Just before it launches I took a look at the Jewel of Muscat, the replica of a 9th Century West Indian Ocean (Arabian Sea) boat. This is being constructed in Muscat and will sail to Singapore where it will be the focus of a Museum about the Belitung, a wreck full of Chinese merchandise .
The boat is sewn, rather than nailed together, a technique used in Oman until the mid 20th c .
The Jewel uses extreme sewing – which in most boats I’ve seen was used for structurally critical parts of a boat. Probably for a long ocean voyage, between Oman and China, every part of the boat would be considered critical.
Evacuated from the British Museum; finding Muscat at Tate Britain – via the Victoria Line
The “lure of the east” exhibition dragged me down to the Tate Britain. The building is much like the Tardis– larger inside than outside and it does make me wonder at the expansive and educational vision of the Victorian wealthy compared to those today.
The exhibition, perhaps inspired by Edward Said’s ‘Orientalism’, certainly makes the visitor an observer, not a participant. It perhaps argues against his overriding viewpoint. Sir Robert Shirley, who became an Ambassador for Shah Abbas, and the various British merchants who lived in the great trading cities of the Near East dressed in the current style of the country they lived in, speak volumes about their viewpoint. Details such as an artist, John Lewis, creating what could be a self-portrait of him at prayer in a Mosque and Shirley’s wife, Teresia, holding a pistol add to an alternative view.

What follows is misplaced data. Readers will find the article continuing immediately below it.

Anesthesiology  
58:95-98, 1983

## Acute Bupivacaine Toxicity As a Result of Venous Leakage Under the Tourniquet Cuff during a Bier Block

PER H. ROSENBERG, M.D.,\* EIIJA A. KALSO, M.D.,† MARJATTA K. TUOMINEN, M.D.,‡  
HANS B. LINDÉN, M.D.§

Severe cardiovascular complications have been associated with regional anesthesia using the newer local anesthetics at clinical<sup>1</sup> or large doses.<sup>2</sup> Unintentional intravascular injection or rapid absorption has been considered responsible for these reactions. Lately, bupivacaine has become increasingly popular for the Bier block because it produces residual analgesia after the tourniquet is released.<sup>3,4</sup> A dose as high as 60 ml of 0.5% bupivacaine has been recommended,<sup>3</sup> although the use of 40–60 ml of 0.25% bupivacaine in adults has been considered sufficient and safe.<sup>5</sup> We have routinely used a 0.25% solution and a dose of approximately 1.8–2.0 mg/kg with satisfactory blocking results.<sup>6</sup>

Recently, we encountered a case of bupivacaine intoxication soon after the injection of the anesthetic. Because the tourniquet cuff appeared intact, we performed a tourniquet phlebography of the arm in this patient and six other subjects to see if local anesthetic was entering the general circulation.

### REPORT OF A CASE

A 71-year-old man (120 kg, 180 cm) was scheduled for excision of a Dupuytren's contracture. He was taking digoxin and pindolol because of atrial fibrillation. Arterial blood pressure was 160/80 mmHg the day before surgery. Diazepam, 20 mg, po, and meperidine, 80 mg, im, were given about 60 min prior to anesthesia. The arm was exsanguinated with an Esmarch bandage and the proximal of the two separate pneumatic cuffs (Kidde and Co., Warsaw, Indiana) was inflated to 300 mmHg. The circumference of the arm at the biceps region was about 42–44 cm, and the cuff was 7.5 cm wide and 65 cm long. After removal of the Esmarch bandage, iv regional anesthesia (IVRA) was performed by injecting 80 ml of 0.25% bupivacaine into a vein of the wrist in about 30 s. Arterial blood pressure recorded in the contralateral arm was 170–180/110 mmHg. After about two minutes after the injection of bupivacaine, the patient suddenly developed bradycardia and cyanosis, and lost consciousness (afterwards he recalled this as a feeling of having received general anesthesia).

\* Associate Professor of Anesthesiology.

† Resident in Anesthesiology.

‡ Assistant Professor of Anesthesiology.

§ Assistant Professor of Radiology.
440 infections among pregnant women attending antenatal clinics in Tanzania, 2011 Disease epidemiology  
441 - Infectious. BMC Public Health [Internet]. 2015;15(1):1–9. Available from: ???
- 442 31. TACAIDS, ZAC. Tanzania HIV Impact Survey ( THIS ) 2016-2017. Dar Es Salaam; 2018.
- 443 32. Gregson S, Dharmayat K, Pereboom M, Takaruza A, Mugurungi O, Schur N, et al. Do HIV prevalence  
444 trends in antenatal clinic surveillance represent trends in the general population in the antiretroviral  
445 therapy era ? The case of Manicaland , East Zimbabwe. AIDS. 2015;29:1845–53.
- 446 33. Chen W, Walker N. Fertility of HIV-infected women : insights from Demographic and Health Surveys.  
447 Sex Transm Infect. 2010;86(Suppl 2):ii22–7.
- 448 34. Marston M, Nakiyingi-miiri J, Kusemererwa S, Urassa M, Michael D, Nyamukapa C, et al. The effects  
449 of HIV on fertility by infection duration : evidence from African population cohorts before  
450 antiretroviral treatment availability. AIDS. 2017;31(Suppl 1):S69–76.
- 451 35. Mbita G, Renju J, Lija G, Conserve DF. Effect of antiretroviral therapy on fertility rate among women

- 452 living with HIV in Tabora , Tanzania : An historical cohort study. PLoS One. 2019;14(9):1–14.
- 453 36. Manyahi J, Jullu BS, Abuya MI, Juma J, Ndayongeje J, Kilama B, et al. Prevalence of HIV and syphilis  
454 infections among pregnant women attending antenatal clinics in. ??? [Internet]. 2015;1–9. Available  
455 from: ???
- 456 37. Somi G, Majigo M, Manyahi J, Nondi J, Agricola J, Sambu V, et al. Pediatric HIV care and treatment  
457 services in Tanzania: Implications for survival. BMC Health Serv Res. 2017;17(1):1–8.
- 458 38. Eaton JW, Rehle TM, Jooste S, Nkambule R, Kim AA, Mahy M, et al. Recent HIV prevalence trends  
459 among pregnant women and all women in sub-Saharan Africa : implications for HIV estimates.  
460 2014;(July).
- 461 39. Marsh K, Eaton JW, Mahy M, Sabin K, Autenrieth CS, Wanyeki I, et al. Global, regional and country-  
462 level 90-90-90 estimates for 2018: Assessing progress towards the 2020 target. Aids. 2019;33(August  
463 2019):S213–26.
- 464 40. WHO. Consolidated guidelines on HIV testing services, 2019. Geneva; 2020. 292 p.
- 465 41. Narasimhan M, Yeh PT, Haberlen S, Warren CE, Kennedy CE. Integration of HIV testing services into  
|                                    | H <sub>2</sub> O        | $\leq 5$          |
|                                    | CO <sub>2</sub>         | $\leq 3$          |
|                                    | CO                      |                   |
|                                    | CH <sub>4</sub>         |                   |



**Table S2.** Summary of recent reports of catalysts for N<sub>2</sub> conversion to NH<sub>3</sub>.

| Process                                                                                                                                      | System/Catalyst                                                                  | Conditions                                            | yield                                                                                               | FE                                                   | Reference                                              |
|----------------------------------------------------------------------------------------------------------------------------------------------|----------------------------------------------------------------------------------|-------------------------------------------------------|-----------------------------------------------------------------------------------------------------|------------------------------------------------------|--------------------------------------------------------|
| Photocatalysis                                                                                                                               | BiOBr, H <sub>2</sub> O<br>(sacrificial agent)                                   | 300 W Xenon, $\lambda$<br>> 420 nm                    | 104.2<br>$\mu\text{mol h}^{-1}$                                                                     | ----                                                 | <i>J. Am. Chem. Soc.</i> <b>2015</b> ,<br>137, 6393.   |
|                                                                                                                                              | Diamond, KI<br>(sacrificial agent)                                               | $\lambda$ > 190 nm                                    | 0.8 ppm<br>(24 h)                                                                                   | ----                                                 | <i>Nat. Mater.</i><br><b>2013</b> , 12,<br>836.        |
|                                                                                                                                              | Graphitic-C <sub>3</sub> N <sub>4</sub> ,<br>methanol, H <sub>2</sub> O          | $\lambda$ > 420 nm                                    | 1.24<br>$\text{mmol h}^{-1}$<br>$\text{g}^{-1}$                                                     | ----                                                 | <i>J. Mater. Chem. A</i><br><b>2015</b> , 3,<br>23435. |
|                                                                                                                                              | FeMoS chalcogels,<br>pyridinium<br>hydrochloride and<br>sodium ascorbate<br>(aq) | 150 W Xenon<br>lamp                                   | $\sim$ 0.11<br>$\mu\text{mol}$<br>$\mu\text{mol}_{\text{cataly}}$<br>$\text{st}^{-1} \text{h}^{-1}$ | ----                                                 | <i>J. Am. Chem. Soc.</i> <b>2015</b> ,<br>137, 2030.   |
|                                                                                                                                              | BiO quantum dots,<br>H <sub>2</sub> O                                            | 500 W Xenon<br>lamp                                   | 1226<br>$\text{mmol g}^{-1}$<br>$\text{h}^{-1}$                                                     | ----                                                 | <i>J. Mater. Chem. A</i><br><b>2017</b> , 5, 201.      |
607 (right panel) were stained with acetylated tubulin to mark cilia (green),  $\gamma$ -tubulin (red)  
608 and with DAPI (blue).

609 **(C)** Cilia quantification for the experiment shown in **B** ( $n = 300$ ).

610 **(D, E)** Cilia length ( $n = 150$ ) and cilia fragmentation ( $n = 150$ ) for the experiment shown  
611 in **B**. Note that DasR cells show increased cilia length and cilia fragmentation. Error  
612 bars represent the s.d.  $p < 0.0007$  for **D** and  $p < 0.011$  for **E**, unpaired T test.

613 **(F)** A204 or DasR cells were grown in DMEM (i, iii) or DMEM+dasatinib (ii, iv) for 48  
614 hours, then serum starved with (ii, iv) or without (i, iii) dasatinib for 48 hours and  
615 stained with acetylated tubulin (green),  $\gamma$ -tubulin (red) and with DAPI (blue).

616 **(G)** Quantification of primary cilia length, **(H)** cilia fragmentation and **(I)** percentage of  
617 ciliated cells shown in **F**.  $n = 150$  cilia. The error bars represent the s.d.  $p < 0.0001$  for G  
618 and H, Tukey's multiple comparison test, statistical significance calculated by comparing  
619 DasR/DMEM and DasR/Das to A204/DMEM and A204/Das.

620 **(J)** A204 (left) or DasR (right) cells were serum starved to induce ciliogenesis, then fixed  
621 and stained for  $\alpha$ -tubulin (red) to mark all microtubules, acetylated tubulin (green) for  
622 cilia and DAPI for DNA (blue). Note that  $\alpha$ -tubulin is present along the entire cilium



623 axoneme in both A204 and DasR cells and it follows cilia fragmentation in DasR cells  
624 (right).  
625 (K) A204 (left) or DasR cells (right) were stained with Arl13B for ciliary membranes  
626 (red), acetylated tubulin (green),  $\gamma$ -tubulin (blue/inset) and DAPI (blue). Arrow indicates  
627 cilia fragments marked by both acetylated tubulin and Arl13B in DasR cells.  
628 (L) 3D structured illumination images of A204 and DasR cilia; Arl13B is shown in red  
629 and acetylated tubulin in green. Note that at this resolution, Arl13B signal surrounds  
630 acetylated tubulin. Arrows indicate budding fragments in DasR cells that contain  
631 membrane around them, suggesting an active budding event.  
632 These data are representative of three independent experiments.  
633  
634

Sir Robert Shirley, who was 19 when he started his work for the Persian Shah Abbas, stands well shaved, enrobed in Persian style garments. His cape could have been the inspiration for the floral design within the dramatic Safavid carpet in the Sultan Qaboos Grand Mosque in Muscat.
Elsewhere, in the gallery, I came across more reminders of Muscat; a watercolour by the Victorian artist Arthur Melville cited as being inspired by a cockfight in Muscat. The cocks have been lost to history and the vast Iwan framing the scene also been lost within the sands of Muscat, if it were more than an architectural frame for the birds fight in front.
While at the Tate, apart from enjoying the extraordinary collection of British art, people were running through the Duveen Galleries (empty of art incidentally) – perhaps referencing the Chinese Olympics.
Along the Victoria Line, I wanted to meet with Jessica Harrison-Hall who curates Chinese Ceramics at the British Museum. Regularly in Oman I come across a surprising quantity of Chinese Ceramic , and needed some advice. Up the stairs of the Great Court, flooded with visitors, and across to room 90. Press on the curator’s doorbell and was greeted with “we need to evacuate the building” . The slightly irritating tone in the background had been an evacuation signal! Fortunately, after extensive checking, the all clear was sounded and Jessica almost trumped the evacuation notice with “these are easy”; and of course, that’s why I knew she would be the ideal person to answer my queries.
Not all ceramic shards have a shiny glaze on both sides and today mine did not – I missed my opening into the Hadrian Exhibition – another day will be needed I think